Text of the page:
Former Pakistani prime minister Benazir Bhutto called on the government on Sunday to seek foreign help in investigating last week's suicide bombing aimed at killing her on her return after eight years of exile.
Two blasts killed 139 people early on Friday as Bhutto travelled through the streets of Karachi packed with supporters welcoming her homecoming.
No one claimed responsibility for the attack but the government suspects Al-Qaeda-linked militants based on the Afghan border were responsible. They have carried out a string of similar attacks on the security forces and other targets, killing hundreds of people in recent months.
"We want the government of Pakistan to seek assistance from the international community. They have anti-terrorism expertise to investigate attacks of this nature," she told reporters after attending a Muslim prayer ceremony for the victims.
While Bhutto also suspects Islamist militants were behind the attack, she has also alluded to the involvement of unspecified elements of security agencies in abetting such violence.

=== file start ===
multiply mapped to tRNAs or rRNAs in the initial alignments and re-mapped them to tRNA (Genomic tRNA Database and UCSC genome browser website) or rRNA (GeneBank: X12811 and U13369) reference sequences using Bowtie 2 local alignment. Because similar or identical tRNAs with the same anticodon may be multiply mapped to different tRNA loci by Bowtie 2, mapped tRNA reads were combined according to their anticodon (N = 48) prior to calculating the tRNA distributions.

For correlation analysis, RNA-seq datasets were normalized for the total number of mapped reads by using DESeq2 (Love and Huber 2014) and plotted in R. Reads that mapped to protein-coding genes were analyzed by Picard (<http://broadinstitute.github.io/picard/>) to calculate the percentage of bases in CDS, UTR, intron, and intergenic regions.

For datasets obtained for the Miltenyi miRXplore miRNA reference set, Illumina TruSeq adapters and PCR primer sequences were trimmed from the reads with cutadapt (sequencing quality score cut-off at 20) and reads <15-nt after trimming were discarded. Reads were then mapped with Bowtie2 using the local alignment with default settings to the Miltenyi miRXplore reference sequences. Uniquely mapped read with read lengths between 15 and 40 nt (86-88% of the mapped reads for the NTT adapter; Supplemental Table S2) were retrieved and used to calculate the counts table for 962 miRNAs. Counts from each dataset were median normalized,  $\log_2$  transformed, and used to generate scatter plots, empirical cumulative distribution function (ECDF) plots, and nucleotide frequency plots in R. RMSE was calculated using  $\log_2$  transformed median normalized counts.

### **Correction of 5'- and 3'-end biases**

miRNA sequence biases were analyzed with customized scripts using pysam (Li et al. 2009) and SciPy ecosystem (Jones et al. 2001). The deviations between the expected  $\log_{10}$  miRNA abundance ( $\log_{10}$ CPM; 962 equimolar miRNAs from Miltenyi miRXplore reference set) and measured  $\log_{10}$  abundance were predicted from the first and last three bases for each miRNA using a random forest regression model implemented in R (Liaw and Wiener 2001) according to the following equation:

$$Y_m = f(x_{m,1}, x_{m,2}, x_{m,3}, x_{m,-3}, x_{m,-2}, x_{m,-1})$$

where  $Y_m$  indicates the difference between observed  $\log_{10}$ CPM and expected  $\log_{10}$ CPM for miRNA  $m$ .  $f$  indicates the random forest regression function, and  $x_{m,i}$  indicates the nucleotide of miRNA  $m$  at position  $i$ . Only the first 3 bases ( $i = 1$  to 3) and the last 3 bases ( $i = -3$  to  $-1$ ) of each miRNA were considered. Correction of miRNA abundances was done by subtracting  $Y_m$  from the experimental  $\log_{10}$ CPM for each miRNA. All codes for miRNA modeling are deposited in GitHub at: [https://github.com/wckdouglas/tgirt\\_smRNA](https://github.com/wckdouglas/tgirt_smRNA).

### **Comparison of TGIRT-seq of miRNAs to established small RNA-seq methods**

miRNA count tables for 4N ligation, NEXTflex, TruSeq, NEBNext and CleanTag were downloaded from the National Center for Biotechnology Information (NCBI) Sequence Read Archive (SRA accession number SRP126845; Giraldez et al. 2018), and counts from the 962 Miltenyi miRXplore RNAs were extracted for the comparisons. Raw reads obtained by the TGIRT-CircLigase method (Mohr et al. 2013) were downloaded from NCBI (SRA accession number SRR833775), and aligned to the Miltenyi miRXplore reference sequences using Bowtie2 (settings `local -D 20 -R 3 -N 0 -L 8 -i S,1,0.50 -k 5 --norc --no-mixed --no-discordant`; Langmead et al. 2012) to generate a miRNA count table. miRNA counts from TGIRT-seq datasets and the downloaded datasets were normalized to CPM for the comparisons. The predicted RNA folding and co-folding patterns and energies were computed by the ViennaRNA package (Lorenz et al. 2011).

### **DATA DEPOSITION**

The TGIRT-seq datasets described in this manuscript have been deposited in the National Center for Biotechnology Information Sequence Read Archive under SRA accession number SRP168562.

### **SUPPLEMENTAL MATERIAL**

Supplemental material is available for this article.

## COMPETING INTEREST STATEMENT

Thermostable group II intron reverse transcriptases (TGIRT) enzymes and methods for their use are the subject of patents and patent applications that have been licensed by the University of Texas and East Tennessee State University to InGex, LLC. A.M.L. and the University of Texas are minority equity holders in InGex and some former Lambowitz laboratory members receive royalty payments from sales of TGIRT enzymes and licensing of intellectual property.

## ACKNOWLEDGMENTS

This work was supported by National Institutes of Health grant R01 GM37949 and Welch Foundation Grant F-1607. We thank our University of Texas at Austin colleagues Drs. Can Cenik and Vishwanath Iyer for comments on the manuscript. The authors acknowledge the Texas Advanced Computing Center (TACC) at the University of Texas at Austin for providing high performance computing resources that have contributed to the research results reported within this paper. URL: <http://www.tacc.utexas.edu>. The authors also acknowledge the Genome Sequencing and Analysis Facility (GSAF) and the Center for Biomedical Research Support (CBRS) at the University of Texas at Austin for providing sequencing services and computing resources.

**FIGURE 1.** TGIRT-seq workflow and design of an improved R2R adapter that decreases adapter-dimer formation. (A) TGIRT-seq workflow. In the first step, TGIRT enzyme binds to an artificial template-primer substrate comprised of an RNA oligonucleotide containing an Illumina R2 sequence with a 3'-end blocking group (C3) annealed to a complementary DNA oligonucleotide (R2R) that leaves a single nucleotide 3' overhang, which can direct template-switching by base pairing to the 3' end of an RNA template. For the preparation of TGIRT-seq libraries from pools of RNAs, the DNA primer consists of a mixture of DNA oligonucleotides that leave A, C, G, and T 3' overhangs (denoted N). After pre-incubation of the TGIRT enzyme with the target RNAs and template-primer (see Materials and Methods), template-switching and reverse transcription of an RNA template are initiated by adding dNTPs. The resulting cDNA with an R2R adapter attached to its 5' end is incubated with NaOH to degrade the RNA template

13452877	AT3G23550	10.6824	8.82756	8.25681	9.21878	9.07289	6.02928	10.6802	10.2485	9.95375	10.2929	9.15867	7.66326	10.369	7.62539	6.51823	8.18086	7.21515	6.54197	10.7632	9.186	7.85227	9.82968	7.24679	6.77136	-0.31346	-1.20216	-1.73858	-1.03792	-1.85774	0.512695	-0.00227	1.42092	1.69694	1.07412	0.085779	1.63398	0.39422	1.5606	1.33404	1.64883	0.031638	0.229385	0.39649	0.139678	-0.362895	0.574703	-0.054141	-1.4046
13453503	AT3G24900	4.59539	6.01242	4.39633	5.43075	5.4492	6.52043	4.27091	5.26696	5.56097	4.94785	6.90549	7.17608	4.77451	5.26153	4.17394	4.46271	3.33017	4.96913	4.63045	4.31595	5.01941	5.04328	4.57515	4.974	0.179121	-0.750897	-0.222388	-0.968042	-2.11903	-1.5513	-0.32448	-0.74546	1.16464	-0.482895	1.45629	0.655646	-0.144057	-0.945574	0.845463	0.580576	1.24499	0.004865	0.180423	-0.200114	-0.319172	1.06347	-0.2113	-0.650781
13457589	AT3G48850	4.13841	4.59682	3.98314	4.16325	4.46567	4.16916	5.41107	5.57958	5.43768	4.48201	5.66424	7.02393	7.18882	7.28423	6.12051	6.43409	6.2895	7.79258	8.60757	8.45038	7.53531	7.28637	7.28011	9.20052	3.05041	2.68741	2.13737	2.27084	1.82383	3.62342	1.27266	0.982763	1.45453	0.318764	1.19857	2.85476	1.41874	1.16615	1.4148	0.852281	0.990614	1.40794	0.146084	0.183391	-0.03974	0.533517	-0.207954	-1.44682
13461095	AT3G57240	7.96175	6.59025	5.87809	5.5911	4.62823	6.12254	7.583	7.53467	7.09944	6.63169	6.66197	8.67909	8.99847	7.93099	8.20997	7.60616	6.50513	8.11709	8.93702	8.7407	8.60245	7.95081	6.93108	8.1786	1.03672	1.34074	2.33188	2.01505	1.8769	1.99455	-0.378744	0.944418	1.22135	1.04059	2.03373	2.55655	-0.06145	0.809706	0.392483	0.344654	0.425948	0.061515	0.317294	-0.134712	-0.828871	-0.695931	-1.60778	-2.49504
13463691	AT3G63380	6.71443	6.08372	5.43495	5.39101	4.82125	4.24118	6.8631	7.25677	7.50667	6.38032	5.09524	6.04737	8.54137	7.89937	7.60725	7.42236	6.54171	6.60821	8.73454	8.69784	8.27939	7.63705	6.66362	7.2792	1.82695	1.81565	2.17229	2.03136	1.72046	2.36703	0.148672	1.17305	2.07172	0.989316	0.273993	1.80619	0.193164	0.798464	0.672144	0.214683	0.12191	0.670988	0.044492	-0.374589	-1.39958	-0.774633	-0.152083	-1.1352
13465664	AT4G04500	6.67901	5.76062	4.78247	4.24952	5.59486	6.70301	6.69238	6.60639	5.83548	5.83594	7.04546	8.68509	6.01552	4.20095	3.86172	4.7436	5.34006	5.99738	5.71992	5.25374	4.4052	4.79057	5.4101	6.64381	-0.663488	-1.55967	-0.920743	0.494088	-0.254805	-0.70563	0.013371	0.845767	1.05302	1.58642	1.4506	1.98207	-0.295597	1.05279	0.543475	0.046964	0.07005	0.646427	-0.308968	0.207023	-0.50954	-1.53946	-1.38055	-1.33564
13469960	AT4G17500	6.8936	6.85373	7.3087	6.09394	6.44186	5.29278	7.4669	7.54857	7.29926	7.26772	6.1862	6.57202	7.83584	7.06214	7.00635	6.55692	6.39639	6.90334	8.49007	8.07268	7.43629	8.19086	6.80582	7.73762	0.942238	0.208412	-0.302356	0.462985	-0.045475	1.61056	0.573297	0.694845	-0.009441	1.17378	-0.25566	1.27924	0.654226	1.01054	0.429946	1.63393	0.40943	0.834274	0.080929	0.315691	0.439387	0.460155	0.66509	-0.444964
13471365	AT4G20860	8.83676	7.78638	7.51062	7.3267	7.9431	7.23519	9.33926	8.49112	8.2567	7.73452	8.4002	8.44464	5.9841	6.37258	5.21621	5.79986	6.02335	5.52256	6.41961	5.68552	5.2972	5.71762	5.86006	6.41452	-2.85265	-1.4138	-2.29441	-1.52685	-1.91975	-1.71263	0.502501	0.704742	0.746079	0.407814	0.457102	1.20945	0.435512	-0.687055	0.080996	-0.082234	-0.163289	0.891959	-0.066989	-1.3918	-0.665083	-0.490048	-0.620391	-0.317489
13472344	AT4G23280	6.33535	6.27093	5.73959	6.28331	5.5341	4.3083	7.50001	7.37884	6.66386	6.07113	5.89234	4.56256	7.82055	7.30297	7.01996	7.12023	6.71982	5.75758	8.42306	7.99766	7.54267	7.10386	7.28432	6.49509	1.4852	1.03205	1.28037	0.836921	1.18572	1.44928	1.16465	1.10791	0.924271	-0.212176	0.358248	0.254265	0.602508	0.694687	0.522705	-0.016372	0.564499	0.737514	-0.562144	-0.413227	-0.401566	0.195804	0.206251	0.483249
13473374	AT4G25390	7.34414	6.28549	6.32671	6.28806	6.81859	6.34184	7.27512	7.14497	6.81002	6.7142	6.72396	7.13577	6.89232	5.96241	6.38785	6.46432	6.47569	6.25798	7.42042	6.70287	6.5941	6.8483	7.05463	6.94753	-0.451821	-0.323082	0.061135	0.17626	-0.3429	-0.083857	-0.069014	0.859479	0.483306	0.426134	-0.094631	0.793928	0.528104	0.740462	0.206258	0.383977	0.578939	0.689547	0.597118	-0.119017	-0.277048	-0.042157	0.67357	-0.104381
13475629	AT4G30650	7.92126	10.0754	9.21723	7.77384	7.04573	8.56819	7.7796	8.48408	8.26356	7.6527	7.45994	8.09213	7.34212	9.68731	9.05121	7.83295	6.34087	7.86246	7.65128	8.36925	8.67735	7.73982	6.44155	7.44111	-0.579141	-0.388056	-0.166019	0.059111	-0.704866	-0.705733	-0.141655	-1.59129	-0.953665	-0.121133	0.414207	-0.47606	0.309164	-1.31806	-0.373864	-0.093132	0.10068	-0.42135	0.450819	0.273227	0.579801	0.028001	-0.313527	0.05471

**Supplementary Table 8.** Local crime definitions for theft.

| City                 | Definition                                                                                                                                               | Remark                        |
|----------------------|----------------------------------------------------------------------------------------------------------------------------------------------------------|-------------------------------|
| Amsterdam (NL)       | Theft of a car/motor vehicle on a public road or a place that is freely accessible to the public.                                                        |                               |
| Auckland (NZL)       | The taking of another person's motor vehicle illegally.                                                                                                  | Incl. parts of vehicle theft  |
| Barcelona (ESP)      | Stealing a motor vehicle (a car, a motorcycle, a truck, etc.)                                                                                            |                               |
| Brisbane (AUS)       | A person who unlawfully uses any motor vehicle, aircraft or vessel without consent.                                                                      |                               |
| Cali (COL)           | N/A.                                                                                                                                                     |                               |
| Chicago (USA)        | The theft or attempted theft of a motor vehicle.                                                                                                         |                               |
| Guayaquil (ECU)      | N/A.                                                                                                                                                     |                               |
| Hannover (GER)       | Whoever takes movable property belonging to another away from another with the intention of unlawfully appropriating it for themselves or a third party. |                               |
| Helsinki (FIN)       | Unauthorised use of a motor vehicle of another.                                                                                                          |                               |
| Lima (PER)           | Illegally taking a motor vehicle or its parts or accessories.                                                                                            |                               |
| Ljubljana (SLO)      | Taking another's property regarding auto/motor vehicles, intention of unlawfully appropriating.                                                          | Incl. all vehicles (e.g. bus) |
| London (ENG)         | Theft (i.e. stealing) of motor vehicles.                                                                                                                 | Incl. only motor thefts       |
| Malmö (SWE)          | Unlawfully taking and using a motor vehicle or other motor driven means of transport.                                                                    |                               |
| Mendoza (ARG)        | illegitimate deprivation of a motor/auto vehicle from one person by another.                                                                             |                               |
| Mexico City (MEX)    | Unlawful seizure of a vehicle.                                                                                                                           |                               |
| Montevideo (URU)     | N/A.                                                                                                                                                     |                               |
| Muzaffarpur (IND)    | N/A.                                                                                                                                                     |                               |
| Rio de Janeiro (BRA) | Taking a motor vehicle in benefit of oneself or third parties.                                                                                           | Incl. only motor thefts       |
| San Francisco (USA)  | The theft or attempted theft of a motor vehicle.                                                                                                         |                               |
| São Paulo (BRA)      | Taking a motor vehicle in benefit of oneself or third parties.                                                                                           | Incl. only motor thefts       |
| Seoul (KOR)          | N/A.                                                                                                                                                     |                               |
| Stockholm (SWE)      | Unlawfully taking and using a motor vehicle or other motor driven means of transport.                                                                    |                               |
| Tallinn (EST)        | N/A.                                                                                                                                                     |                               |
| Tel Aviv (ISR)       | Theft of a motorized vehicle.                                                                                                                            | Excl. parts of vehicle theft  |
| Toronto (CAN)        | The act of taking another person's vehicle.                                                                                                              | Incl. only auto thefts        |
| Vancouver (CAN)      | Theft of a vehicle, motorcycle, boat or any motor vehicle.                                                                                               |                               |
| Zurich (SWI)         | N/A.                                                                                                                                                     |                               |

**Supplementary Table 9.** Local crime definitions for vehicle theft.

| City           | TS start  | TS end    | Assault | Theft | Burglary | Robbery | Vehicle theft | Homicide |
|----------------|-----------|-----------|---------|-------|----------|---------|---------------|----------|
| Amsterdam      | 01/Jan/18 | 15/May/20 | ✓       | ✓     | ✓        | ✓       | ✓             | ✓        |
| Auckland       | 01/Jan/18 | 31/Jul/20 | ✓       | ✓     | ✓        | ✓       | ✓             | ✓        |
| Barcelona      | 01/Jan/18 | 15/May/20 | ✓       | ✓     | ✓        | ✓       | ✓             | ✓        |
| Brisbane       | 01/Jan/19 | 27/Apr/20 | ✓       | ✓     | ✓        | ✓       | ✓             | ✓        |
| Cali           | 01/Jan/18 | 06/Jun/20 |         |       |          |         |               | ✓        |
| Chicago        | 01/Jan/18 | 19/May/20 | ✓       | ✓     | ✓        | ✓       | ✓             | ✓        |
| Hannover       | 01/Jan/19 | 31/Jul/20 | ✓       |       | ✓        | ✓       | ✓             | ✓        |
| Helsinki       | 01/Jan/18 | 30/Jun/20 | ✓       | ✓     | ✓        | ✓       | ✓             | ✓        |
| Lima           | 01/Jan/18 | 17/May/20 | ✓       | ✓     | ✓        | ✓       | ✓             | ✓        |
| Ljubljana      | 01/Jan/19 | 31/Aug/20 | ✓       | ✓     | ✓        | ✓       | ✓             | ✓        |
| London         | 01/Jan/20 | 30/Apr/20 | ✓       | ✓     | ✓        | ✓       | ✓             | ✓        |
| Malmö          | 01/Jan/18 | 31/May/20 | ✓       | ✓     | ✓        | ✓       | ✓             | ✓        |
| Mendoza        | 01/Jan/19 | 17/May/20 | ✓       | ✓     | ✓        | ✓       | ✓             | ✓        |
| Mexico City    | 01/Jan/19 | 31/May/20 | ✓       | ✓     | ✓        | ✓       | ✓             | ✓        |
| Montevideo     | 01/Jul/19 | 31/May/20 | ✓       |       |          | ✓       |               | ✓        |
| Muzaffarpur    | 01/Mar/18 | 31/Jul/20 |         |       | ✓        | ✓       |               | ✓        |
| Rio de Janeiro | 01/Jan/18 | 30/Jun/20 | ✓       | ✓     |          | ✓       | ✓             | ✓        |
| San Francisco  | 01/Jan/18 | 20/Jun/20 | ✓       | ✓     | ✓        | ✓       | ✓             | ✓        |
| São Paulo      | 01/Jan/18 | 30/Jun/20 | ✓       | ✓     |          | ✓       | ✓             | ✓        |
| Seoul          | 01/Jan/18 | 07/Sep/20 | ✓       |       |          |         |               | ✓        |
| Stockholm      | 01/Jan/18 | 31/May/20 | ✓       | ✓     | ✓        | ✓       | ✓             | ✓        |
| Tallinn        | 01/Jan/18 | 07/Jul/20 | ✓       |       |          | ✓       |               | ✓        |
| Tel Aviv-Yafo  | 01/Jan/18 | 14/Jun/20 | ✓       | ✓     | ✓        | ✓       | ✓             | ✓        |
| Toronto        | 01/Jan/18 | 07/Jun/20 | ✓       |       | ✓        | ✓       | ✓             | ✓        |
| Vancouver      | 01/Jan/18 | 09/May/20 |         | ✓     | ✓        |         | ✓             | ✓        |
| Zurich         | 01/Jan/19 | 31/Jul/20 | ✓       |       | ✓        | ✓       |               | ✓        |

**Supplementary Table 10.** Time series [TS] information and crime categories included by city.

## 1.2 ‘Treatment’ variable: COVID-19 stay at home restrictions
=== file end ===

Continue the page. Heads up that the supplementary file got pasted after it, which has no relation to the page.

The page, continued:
She has said she had written a letter to President Pervez Musharraf before her return to Pakistan citing at least three people she said could be involved in attacks against her. She did not give their names.
"Supporters of the militants and Al-Qaeda are determined to stop democracy because they don't want a moderate majority to stand up," she said.
Earlier in the day, Bhutto made an unannounced visit to a Karachi hospital to meet some of the more than 300 people wounded in the attack, a party spokeswoman said.
Hundreds of party members held prayers for the dead in Karachi.
Police said they had several leads and were making progress but they declined to give details. On Saturday, police released a photograph of the head of the suspected suicide bomber and offered a reward for anyone who could identify him.
The government has said the violence would not affect plans for a general election although campaigning might have to be curtailed because of the threat of violence.
Bhutto said a code of conduct would be prepared in consultation with other political parties in view of the deteriorating security situation.
"We will have to modify our campaign because of the suicide bombings but we are not going to stop our campaign to reach the public," she said.
The United States and its allies want to see elections go ahead in nuclear-armed Pakistan in the hope that a moderate, pro-Western government will emerge to fight the Al-Qaeda and Taliban threat and help Western forces stabilise Afghanistan.
In the North Waziristan region on the Afghan border, militants planted explosives and blew up the only girls' school in the main town, Miranshah, on Saturday night, residents said.